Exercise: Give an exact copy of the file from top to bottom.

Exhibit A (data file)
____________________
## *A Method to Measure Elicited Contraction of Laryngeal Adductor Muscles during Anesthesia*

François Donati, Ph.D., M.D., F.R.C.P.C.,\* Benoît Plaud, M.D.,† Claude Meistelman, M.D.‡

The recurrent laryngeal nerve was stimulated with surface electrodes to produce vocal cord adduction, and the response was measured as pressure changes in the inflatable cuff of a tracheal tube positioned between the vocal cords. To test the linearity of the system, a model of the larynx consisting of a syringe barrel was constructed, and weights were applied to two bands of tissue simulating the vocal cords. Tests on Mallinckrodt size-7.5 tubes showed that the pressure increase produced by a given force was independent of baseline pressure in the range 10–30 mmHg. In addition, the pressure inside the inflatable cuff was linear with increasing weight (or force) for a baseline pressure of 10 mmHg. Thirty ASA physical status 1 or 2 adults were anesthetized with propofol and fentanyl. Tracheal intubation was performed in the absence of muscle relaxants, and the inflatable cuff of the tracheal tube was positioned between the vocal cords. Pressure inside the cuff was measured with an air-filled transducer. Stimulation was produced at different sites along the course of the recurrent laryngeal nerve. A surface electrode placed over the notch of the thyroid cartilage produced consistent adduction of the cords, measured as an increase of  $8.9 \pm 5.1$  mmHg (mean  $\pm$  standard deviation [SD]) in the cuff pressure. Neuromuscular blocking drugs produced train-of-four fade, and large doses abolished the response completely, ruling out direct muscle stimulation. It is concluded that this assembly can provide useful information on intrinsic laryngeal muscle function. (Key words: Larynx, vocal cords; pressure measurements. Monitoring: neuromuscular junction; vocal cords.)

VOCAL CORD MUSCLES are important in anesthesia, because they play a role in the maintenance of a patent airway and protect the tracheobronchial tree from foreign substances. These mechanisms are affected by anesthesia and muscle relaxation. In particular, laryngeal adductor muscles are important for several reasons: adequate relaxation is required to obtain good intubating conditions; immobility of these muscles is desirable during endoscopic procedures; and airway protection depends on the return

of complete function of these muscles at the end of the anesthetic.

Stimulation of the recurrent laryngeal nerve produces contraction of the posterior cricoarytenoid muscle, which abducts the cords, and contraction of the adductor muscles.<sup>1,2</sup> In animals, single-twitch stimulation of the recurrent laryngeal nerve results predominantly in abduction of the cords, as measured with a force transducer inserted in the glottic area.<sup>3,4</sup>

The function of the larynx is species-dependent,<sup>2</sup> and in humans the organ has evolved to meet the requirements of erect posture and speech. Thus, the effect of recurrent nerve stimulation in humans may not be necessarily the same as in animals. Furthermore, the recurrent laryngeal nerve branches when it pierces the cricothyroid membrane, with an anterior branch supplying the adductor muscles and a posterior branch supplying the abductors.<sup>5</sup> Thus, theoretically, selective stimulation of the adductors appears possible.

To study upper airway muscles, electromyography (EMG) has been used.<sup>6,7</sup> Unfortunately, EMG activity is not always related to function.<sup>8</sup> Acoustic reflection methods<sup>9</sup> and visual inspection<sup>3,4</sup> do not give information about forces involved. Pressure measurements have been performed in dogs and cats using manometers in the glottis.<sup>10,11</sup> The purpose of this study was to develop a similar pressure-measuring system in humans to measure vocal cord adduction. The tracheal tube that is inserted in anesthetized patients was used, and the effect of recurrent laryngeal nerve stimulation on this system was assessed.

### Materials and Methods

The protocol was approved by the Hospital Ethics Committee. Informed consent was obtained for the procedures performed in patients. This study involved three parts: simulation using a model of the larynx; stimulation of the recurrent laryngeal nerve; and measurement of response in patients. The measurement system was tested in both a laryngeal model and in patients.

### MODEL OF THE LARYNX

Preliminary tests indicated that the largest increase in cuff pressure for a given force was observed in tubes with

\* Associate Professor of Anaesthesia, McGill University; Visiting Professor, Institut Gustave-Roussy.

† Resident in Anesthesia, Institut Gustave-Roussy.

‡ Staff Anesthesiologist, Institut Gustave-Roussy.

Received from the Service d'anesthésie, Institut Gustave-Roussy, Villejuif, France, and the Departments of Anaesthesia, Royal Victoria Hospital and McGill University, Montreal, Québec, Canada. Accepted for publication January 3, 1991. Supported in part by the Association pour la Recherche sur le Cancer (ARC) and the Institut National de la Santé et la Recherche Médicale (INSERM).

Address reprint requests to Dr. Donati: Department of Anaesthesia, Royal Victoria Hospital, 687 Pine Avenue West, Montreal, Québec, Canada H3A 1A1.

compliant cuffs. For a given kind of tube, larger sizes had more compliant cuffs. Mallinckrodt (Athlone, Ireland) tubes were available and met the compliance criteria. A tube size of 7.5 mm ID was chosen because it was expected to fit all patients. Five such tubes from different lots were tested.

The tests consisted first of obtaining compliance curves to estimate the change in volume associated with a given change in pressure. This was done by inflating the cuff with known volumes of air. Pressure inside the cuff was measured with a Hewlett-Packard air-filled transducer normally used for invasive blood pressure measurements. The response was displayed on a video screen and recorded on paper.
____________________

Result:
## *A Method to Measure Elicited Contraction of Laryngeal Adductor Muscles during Anesthesia*

François Donati, Ph.D., M.D., F.R.C.P.C.,\* Benoît Plaud, M.D.,† Claude Meistelman, M.D.‡

The recurrent laryngeal nerve was stimulated with surface electrodes to produce vocal cord adduction, and the response was measured as pressure changes in the inflatable cuff of a tracheal tube positioned between the vocal cords. To test the linearity of the system, a model of the larynx consisting of a syringe barrel was constructed, and weights were applied to two bands of tissue simulating the vocal cords. Tests on Mallinckrodt size-7.5 tubes showed that the pressure increase produced by a given force was independent of baseline pressure in the range 10–30 mmHg. In addition, the pressure inside the inflatable cuff was linear with increasing weight (or force) for a baseline pressure of 10 mmHg. Thirty ASA physical status 1 or 2 adults were anesthetized with propofol and fentanyl. Tracheal intubation was performed in the absence of muscle relaxants, and the inflatable cuff of the tracheal tube was positioned between the vocal cords. Pressure inside the cuff was measured with an air-filled transducer. Stimulation was produced at different sites along the course of the recurrent laryngeal nerve. A surface electrode placed over the notch of the thyroid cartilage produced consistent adduction of the cords, measured as an increase of  $8.9 \pm 5.1$  mmHg (mean  $\pm$  standard deviation [SD]) in the cuff pressure. Neuromuscular blocking drugs produced train-of-four fade, and large doses abolished the response completely, ruling out direct muscle stimulation. It is concluded that this assembly can provide useful information on intrinsic laryngeal muscle function. (Key words: Larynx, vocal cords; pressure measurements. Monitoring: neuromuscular junction; vocal cords.)

VOCAL CORD MUSCLES are important in anesthesia, because they play a role in the maintenance of a patent airway and protect the tracheobronchial tree from foreign substances. These mechanisms are affected by anesthesia and muscle relaxation. In particular, laryngeal adductor muscles are important for several reasons: adequate relaxation is required to obtain good intubating conditions; immobility of these muscles is desirable during endoscopic procedures; and airway protection depends on the return

of complete function of these muscles at the end of the anesthetic.

Stimulation of the recurrent laryngeal nerve produces contraction of the posterior cricoarytenoid muscle, which abducts the cords, and contraction of the adductor muscles.<sup>1,2</sup> In animals, single-twitch stimulation of the recurrent laryngeal nerve results predominantly in abduction of the cords, as measured with a force transducer inserted in the glottic area.<sup>3,4</sup>

The function of the larynx is species-dependent,<sup>2</sup> and in humans the organ has evolved to meet the requirements of erect posture and speech. Thus, the effect of recurrent nerve stimulation in humans may not be necessarily the same as in animals. Furthermore, the recurrent laryngeal nerve branches when it pierces the cricothyroid membrane, with an anterior branch supplying the adductor muscles and a posterior branch supplying the abductors.<sup>5</sup> Thus, theoretically, selective stimulation of the adductors appears possible.

To study upper airway muscles, electromyography (EMG) has been used.<sup>6,7</sup> Unfortunately, EMG activity is not always related to function.<sup>8</sup> Acoustic reflection methods<sup>9</sup> and visual inspection<sup>3,4</sup> do not give information about forces involved. Pressure measurements have been performed in dogs and cats using manometers in the glottis.<sup>10,11</sup> The purpose of this study was to develop a similar pressure-measuring system in humans to measure vocal cord adduction. The tracheal tube that is inserted in anesthetized patients was used, and the effect of recurrent laryngeal nerve stimulation on this system was assessed.

### Materials and Methods

The protocol was approved by the Hospital Ethics Committee. Informed consent was obtained for the procedures performed in patients. This study involved three parts: simulation using a model of the larynx; stimulation of the recurrent laryngeal nerve; and measurement of response in patients. The measurement system was tested in both a laryngeal model and in patients.

### MODEL OF THE LARYNX

Preliminary tests indicated that the largest increase in cuff pressure for a given force was observed in tubes with

\* Associate Professor of Anaesthesia, McGill University; Visiting Professor, Institut Gustave-Roussy.

† Resident in Anesthesia, Institut Gustave-Roussy.

‡ Staff Anesthesiologist, Institut Gustave-Roussy.

Received from the Service d'anesthésie, Institut Gustave-Roussy, Villejuif, France, and the Departments of Anaesthesia, Royal Victoria Hospital and McGill University, Montreal, Québec, Canada. Accepted for publication January 3, 1991. Supported in part by the Association pour la Recherche sur le Cancer (ARC) and the Institut National de la Santé et la Recherche Médicale (INSERM).

Address reprint requests to Dr. Donati: Department of Anaesthesia, Royal Victoria Hospital, 687 Pine Avenue West, Montreal, Québec, Canada H3A 1A1.

compliant cuffs. For a given kind of tube, larger sizes had more compliant cuffs. Mallinckrodt (Athlone, Ireland) tubes were available and met the compliance criteria. A tube size of 7.5 mm ID was chosen because it was expected to fit all patients. Five such tubes from different lots were tested.

The tests consisted first of obtaining compliance curves to estimate the change in volume associated with a given change in pressure. This was done by inflating the cuff with known volumes of air. Pressure inside the cuff was measured with a Hewlett-Packard air-filled transducer normally used for invasive blood pressure measurements. The response was displayed on a video screen and recorded on paper.